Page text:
Born in Tripoli, Lebanon, Ayman Kaake travelled to Australia in 2011 in pursuit of studying visual arts. A telecommunications engineer and cinematography graduate, he left behind his parents and eleven siblings as he set off on his artistic journey.
In 2014, his passion for cinema and photography eventually developed into a body of digital art works, creating images that delve into the dreamlike world of personal experiences and emotional turmoil. Although dealing with moving and serious emotions, Kaake’s works are almost hopeful, and he believes that “sometimes imagination is better than reality”. In Lockdown_Not_Lockup, Ayman tries – as a male artist – to shed light on the blackout that hides domestic violence around the world and especially violence against women in Arab countries and shows how important it is that men speak up about this issue. The image is framed in baroque mirror style as a reflection of the society and the duration of this issue that women have dealt with.
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Mixed medium on Fabriano paper
76.5 x 56 cm
Farnaz Dadfar is an Iranian-born Australian artist, based in Melbourne. She has shown her work in numerous solo and group exhibitions in Iran, Australia and Indonesia since 2004. Beside exhibiting in many galleries and venues, Dadfar was selected as one of the finalists for the Linden Art Prize 2019, Keith and Elisabeth Murdoch Travelling Fellowship, and she has been the recipient of a number of awards.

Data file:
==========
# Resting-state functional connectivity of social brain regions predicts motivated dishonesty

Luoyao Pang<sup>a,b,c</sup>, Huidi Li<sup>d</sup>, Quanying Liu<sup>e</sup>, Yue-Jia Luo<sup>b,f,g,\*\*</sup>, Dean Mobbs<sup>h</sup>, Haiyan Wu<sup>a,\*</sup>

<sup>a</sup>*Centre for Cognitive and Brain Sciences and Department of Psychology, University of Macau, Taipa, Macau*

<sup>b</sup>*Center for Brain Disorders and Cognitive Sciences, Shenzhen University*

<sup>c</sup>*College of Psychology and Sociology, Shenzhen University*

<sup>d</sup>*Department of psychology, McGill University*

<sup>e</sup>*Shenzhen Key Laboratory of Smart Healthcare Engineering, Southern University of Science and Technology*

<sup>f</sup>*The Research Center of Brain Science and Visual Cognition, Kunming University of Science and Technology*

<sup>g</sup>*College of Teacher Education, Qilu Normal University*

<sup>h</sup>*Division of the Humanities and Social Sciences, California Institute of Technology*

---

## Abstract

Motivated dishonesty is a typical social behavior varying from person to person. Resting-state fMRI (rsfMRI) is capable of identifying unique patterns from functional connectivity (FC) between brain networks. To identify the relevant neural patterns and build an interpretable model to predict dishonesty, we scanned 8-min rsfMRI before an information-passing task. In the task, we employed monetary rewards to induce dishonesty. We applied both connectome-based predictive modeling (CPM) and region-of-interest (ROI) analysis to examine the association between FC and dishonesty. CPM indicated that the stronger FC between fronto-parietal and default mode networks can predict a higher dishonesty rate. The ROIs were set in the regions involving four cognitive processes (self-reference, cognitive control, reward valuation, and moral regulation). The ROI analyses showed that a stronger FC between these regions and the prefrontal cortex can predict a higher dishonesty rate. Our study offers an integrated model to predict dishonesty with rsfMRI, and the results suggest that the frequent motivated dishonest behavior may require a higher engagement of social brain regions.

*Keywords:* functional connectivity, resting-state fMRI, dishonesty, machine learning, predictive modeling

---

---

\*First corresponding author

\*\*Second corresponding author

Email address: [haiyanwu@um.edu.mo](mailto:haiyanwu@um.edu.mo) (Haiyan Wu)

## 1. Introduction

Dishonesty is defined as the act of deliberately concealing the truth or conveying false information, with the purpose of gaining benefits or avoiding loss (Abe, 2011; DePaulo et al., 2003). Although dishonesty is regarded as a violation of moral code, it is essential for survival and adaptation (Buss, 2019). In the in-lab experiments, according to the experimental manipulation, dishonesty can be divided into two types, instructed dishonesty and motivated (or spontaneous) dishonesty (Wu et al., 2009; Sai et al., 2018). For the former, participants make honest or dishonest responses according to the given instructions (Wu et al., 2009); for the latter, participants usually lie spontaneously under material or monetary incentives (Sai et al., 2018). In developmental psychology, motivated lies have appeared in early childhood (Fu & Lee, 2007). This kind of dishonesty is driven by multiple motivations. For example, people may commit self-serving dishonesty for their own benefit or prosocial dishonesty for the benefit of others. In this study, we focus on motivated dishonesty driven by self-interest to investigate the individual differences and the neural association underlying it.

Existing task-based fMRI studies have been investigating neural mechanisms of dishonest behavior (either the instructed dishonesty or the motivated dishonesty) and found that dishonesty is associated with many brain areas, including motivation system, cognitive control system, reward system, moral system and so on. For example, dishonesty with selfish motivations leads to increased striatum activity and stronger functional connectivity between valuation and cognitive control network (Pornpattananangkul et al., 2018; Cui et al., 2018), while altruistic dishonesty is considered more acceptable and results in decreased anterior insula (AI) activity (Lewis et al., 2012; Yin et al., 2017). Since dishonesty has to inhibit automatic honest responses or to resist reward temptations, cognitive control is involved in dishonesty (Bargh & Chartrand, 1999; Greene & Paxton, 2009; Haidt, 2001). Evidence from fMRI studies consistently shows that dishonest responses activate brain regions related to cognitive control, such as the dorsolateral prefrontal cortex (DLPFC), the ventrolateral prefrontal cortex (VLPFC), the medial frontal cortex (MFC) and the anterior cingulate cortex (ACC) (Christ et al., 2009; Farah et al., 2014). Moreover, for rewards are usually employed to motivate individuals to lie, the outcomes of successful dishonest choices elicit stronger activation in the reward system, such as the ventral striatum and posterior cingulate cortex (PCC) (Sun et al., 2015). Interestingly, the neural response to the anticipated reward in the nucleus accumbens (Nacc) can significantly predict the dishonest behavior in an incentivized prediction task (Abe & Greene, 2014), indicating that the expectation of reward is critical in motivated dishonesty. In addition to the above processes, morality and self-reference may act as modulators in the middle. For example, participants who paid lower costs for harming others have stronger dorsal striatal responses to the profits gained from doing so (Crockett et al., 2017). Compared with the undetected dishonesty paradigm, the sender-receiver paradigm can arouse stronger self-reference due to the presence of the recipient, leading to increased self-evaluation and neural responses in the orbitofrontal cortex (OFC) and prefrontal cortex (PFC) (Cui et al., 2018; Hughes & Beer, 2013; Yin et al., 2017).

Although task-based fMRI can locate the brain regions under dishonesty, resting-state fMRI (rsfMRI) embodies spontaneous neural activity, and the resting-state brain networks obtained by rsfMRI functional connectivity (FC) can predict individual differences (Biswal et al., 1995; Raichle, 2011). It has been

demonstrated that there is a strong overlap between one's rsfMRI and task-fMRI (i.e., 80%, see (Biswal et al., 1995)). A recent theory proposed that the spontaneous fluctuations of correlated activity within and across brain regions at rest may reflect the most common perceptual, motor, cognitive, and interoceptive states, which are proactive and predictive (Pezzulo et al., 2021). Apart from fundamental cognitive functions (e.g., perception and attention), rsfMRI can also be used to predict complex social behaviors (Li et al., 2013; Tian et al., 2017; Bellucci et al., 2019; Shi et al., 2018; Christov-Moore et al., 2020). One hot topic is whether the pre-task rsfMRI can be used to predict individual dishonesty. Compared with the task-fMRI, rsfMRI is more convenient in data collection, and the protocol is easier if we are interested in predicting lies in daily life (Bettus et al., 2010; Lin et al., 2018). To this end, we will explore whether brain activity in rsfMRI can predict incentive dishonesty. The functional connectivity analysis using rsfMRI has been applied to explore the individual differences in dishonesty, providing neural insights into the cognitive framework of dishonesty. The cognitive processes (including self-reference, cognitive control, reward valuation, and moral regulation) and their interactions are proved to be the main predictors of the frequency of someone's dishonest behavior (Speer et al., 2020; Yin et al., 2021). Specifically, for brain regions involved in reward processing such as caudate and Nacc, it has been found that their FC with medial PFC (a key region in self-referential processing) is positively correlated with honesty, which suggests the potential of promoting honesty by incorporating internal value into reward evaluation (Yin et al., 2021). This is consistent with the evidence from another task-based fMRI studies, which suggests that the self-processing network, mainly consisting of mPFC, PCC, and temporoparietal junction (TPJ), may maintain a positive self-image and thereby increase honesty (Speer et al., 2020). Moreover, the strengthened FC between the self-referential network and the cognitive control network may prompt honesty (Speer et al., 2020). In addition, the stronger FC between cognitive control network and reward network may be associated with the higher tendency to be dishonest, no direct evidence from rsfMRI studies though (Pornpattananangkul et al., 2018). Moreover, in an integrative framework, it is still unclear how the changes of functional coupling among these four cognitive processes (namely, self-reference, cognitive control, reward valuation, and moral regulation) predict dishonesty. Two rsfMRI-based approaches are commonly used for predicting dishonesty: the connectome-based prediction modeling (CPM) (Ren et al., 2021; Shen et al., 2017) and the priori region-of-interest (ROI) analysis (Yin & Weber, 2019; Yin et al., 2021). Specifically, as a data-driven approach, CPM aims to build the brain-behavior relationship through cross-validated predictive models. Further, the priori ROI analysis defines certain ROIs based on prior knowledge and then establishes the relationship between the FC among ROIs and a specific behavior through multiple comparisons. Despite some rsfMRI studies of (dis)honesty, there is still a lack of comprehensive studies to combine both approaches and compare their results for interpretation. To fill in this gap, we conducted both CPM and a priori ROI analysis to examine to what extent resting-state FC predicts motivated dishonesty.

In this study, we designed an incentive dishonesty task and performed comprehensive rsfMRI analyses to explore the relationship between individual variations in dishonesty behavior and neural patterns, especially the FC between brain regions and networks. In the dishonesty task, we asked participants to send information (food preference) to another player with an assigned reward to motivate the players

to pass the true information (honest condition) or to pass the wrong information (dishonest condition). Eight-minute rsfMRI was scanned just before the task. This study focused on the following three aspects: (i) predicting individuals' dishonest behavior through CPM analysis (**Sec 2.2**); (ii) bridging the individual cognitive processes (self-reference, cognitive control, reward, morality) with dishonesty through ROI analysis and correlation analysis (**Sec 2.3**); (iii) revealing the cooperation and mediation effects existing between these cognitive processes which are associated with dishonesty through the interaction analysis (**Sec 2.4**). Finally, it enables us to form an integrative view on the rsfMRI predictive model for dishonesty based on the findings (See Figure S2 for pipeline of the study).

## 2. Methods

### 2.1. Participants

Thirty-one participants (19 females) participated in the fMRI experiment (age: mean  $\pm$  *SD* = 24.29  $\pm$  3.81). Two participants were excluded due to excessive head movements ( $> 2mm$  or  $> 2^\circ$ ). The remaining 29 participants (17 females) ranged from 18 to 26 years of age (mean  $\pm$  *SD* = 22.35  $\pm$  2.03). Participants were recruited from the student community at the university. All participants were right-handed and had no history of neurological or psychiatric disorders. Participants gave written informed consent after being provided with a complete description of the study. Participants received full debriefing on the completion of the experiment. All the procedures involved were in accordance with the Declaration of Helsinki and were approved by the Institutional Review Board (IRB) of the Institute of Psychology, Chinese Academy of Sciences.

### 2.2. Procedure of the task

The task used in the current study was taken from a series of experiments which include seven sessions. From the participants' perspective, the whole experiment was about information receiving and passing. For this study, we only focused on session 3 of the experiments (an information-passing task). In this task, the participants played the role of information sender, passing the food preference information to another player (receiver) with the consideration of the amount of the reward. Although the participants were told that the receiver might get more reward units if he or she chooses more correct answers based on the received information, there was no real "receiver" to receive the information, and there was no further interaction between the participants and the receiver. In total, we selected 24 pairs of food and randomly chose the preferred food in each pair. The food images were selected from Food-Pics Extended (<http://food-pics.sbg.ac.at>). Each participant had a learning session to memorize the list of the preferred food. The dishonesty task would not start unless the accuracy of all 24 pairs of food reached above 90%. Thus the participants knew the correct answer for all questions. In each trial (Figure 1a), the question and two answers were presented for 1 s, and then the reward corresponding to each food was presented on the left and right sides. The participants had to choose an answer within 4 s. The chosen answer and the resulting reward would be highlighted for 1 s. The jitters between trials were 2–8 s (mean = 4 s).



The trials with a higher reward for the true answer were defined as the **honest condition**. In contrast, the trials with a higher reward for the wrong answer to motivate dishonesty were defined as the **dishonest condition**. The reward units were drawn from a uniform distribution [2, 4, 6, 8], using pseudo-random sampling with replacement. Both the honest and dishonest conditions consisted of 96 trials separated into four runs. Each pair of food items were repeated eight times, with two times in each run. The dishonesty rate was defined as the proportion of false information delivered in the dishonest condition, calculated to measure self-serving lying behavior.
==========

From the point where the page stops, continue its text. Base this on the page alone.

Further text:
Farnaz Dadfar’s practice offers a small window into an alternative realm of spiritual and philosophical experience by recuperating certain characteristics of Persian Sufi poetry and Farsi literature as artistic material.
Ghazaliyat experientially re-presents certain aspects of Islamic mysticism within the context of contemporary post-conceptual art. By activating meanings and nonsenses created through fragmented linguistic diasporas using text selected poems from the Dīvāni Shamsi Tabrīz by Jalāl ad-Dîn Rūmī as a means of incarnating otherness, deterritorialisation and displacement, the project imagines utopic alternatives to the increasingly brutal and dystopic realities of twenty-first existence.
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Fatima Killeen, creator
Yasmine Killeen, photographer
Washing boards, collagraph prints, walnut pigment, soap, wood
98 x 68 x 16 cm
Fatima Killeen defines herself as a painter and a printmaker. She uses motifs inspired from her Islamic heritage to speak about the injustices endured by people living in places of conflict. In the last two decades, her works have specifically aimed at expressing her concern for the humanitarian disregard of those living in occupied lands and regions of struggle.
Devotion houses a journey of commitment and devotion. Fatima still recalls waking at dawn to witness the silhouettes of her mother’s daily dawn prostrations. It was ambiguous whether she was praying or washing clothes. The repeated movement of washing polishes the surfaces of the boards, creating niches for memories that the artist still admires about her mother’s dedication. Faith is intrinsic to life, an oath to care and honour.